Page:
On Shay's side, I knew I needed to dislodge the whistle from the mayor's throat but could not figure out how. I visited the snake, but figured it was pointless, because in act 1, you'd just blow the tuba and be fine. It's quite counter-intuitive to let a snake strangle you on purpose.

Overall, the game is excellent and was worth the wait. Well done.

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Absolutely loved the game!! Took my slow time to get through it over three days, It hit a perfect difficulty level in my book. Got stuck a number of times but only so Id have an idea of something to try when next playing, or when switching back to that character. great creative puzzles. never felt the frustration or need to look online for hints. felt really smart when finally solving stuff. such great design! great pacing. Went back between shay and vella uncountable times (vs no times in act I). and its a perfect length, ie pretty long! Id play more if there was more but super satisfied.

You guys truly made a real adventure classic! awesome! buying it again on iphone. and again for my wife.

and yes, this;

There's a big plot hole.

How Shay ended up thinking his parents are the computers and why or how his parents didn't realize that? Especially since they took a group photo.

Act I lines like "Man, the computers are stupid" and more indicate that it was not just a nickname.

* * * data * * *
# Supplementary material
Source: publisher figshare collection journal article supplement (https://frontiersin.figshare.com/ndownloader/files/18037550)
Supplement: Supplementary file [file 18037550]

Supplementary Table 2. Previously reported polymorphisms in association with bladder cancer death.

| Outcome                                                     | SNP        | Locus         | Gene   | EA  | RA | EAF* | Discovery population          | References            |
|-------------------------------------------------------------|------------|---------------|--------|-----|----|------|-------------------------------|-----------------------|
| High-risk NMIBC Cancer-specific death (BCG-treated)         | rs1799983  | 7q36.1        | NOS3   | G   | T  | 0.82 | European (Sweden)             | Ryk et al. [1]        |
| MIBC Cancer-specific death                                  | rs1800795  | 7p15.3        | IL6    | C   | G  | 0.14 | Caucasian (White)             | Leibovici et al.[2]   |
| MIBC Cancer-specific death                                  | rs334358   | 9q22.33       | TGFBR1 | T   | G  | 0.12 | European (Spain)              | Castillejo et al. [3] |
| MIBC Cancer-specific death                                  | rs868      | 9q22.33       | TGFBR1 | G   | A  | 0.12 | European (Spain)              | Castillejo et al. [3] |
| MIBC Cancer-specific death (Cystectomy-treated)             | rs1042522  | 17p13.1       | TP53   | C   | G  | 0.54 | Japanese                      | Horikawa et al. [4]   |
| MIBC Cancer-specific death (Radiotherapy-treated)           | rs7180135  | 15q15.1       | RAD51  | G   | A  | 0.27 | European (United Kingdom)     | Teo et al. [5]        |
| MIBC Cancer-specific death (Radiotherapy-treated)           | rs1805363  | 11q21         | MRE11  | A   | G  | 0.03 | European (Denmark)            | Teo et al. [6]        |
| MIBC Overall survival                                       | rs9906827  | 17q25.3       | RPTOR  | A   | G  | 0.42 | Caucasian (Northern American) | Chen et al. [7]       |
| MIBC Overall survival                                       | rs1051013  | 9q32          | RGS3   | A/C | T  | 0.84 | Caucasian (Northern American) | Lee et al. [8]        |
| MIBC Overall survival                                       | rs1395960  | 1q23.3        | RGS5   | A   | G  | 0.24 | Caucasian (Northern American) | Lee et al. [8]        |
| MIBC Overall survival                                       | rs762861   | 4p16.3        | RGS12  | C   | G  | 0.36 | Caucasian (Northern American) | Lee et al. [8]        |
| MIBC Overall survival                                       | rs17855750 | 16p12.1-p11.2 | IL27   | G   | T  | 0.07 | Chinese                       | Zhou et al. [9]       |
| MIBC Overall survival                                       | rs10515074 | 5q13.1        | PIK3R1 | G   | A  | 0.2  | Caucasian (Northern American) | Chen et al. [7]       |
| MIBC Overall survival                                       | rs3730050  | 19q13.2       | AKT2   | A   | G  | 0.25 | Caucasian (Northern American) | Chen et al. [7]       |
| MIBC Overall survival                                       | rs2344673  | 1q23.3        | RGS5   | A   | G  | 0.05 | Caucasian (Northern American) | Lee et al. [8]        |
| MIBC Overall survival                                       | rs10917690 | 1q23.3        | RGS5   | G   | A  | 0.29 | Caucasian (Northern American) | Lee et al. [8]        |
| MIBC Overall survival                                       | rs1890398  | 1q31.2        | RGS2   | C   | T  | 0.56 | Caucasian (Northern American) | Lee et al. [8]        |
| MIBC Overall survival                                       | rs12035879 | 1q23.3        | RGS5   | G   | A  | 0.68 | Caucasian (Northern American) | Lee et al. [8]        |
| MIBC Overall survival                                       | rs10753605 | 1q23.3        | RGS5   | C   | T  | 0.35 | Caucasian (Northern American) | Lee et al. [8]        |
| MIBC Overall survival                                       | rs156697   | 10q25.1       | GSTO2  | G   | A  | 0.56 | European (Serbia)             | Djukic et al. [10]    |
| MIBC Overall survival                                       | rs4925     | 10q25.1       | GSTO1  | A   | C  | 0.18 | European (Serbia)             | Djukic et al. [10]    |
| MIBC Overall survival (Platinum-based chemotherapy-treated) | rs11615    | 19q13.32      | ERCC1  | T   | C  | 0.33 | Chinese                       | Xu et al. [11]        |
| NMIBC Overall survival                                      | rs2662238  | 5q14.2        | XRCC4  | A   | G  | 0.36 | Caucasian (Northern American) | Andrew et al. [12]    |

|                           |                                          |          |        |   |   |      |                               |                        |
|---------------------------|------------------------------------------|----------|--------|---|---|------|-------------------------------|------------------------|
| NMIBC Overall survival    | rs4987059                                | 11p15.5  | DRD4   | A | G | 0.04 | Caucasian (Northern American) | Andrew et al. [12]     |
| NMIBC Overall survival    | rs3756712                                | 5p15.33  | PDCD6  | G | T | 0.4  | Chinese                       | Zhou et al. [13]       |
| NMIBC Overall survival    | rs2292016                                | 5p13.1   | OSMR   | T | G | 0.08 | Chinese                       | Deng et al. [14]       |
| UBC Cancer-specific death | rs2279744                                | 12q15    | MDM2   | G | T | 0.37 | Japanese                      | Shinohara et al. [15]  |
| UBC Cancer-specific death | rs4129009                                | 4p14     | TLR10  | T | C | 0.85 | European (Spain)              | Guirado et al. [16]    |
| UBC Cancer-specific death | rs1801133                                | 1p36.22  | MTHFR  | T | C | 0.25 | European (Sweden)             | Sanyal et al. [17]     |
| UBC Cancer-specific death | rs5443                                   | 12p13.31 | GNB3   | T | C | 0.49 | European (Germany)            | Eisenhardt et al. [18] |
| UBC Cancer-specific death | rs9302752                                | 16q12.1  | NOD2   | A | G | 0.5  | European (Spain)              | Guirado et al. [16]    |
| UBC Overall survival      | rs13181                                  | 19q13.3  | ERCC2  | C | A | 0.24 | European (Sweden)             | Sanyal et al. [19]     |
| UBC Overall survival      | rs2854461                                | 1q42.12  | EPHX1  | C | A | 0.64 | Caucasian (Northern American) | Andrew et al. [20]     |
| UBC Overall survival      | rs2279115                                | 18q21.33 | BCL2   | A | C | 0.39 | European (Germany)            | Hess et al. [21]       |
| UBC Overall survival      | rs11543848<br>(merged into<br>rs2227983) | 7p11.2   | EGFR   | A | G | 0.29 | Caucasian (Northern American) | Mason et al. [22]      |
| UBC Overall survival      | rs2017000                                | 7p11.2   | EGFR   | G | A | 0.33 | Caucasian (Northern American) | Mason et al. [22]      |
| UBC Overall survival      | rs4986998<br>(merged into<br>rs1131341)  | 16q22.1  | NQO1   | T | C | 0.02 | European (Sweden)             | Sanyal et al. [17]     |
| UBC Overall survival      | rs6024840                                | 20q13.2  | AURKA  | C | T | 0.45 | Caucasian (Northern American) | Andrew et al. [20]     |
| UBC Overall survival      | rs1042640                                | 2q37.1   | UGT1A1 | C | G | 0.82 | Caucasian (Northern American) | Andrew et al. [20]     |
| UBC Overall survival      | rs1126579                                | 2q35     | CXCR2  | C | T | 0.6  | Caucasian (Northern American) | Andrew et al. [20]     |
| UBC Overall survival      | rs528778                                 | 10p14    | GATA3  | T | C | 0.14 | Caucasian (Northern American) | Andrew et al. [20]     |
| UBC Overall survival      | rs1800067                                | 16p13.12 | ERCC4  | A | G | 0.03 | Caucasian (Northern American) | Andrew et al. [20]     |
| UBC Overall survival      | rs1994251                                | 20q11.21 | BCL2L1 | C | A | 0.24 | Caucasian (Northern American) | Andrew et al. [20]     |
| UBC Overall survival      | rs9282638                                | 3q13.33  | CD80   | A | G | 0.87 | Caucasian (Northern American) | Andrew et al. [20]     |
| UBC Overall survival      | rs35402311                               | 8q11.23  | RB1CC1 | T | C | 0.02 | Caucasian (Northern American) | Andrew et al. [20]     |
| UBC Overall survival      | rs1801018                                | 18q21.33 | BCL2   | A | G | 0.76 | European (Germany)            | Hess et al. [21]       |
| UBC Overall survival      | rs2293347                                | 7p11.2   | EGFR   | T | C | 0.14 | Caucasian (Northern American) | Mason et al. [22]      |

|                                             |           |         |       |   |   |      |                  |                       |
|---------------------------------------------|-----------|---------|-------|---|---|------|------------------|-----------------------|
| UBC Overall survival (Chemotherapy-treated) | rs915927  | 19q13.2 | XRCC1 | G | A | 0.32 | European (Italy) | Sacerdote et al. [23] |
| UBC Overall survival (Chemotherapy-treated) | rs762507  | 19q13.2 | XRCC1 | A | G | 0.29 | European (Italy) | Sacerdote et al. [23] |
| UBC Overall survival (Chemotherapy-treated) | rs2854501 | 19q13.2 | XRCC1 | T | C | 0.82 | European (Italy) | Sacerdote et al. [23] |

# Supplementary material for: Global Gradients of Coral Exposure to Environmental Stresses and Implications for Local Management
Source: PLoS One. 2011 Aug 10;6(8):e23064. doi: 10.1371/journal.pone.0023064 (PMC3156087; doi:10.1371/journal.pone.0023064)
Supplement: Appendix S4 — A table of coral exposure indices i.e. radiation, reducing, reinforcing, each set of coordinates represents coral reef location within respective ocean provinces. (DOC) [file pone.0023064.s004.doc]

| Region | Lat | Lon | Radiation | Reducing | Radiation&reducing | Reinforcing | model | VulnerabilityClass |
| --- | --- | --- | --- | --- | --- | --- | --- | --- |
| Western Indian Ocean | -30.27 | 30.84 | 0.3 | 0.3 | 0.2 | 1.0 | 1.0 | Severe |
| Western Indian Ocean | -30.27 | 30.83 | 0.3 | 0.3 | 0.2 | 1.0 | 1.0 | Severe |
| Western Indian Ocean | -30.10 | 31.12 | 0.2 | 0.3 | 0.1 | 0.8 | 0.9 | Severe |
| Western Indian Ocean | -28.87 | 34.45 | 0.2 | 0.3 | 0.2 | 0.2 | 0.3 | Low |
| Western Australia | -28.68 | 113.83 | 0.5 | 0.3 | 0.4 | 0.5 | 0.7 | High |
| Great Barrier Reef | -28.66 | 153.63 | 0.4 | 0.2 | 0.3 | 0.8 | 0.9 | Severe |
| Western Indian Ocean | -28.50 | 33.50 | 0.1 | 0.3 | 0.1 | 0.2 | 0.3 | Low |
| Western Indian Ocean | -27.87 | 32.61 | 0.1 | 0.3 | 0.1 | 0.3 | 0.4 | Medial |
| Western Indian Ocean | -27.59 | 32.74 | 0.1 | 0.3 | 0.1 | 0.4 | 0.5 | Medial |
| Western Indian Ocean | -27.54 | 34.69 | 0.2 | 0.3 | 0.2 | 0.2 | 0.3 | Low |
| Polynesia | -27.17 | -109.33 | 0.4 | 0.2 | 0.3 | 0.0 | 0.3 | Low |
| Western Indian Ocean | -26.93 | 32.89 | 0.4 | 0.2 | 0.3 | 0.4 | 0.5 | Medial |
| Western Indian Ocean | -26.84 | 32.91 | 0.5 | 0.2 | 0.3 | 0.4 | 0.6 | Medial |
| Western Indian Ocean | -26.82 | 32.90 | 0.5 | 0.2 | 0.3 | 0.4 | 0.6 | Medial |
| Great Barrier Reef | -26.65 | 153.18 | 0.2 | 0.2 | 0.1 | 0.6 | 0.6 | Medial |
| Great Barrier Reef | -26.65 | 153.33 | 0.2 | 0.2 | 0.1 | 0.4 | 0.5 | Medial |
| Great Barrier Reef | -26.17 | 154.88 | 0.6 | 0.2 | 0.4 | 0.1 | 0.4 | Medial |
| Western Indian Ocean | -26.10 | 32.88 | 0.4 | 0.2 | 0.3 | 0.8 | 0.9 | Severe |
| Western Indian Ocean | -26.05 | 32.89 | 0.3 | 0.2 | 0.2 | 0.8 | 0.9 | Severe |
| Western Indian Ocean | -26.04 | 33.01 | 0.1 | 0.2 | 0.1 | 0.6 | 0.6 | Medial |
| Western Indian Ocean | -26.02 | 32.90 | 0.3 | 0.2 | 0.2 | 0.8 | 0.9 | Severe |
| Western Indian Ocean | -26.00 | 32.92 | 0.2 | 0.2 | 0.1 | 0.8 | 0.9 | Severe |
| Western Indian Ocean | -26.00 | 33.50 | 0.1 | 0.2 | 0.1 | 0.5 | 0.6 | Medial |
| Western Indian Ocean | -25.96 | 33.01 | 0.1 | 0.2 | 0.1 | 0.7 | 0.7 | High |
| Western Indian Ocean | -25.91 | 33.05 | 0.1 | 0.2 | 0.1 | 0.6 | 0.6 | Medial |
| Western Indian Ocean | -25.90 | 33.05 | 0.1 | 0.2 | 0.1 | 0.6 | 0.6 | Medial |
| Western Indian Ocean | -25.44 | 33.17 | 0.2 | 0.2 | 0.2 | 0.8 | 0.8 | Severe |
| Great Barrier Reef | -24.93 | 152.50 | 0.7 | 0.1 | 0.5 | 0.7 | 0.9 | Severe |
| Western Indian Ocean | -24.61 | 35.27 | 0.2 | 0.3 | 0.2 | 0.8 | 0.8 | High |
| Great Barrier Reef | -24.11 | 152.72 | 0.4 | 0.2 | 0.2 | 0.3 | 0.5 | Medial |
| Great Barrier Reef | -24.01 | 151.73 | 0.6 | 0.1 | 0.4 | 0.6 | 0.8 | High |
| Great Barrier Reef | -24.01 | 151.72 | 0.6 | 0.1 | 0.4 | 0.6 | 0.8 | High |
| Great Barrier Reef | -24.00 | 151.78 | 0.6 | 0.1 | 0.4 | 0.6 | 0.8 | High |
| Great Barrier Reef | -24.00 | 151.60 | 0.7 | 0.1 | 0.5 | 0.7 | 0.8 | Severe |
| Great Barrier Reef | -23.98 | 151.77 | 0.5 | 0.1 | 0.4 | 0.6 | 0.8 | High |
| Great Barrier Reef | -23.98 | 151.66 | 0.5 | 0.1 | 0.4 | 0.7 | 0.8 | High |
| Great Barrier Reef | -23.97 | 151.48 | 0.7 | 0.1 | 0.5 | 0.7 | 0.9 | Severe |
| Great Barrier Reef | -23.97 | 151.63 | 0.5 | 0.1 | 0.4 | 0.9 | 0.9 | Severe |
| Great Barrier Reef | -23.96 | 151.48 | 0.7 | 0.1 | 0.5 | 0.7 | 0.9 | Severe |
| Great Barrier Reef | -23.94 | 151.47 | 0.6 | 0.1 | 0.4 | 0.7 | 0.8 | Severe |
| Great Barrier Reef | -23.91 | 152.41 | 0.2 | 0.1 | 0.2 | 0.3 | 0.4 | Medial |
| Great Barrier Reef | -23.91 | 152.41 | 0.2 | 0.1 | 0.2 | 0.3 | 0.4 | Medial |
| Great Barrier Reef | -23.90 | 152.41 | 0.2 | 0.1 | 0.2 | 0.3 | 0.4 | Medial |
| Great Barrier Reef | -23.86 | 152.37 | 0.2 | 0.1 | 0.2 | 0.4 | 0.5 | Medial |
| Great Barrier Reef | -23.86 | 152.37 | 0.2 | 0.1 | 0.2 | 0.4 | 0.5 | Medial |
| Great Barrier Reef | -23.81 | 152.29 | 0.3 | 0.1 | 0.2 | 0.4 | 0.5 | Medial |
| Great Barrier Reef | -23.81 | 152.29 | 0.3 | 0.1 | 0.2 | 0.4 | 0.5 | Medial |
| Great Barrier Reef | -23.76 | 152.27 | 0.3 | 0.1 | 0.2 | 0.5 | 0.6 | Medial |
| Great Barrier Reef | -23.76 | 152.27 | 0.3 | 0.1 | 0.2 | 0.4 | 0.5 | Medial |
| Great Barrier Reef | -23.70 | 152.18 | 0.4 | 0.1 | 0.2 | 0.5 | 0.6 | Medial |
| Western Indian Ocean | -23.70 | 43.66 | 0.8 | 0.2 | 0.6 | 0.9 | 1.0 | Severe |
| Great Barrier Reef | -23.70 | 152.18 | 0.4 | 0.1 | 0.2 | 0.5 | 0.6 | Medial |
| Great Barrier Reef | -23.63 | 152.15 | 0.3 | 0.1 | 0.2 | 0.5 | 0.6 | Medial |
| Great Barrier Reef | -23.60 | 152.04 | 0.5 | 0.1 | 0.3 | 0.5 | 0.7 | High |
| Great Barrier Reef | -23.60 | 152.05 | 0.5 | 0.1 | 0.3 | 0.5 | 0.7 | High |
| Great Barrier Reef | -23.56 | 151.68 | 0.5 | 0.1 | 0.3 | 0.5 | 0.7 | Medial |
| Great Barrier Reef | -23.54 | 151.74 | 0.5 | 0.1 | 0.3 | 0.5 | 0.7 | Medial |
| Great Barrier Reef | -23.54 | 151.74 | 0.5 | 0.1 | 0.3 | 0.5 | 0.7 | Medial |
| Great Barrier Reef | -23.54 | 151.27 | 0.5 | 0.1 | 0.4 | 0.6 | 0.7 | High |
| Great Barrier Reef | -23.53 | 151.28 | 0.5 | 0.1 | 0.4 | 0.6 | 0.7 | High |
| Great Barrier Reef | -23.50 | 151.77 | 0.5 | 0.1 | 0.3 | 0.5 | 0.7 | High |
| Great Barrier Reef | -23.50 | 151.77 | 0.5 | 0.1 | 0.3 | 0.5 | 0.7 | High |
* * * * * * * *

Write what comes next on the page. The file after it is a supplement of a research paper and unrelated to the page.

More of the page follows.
One of my theories was that the parents are really just humans communicating through the monitors and using the ship's systems but I didn't guess that there is no any explanation how Shay forgot that they are humans.

Or why. Its a bit strange to have such loving and worrying parents just forgetting to meet their kid. Or are there references to a reason that he needs to be isolated after a certain age or event? is that part of the program? It feels like it could be but dont remember any references to it.

And I didnt really get the exact reason of the whole project dandelion...although I like that its a bit vague. these coneheaded guys have lost (/gotten rid of) their humanity (including sexual stuff) but still needs it? Before act II I thought itd be more straight up that itd be some isolated inbred royal house that needed mates without interacting with the outside world. maybe its kept vaguer than that to keep it lighter?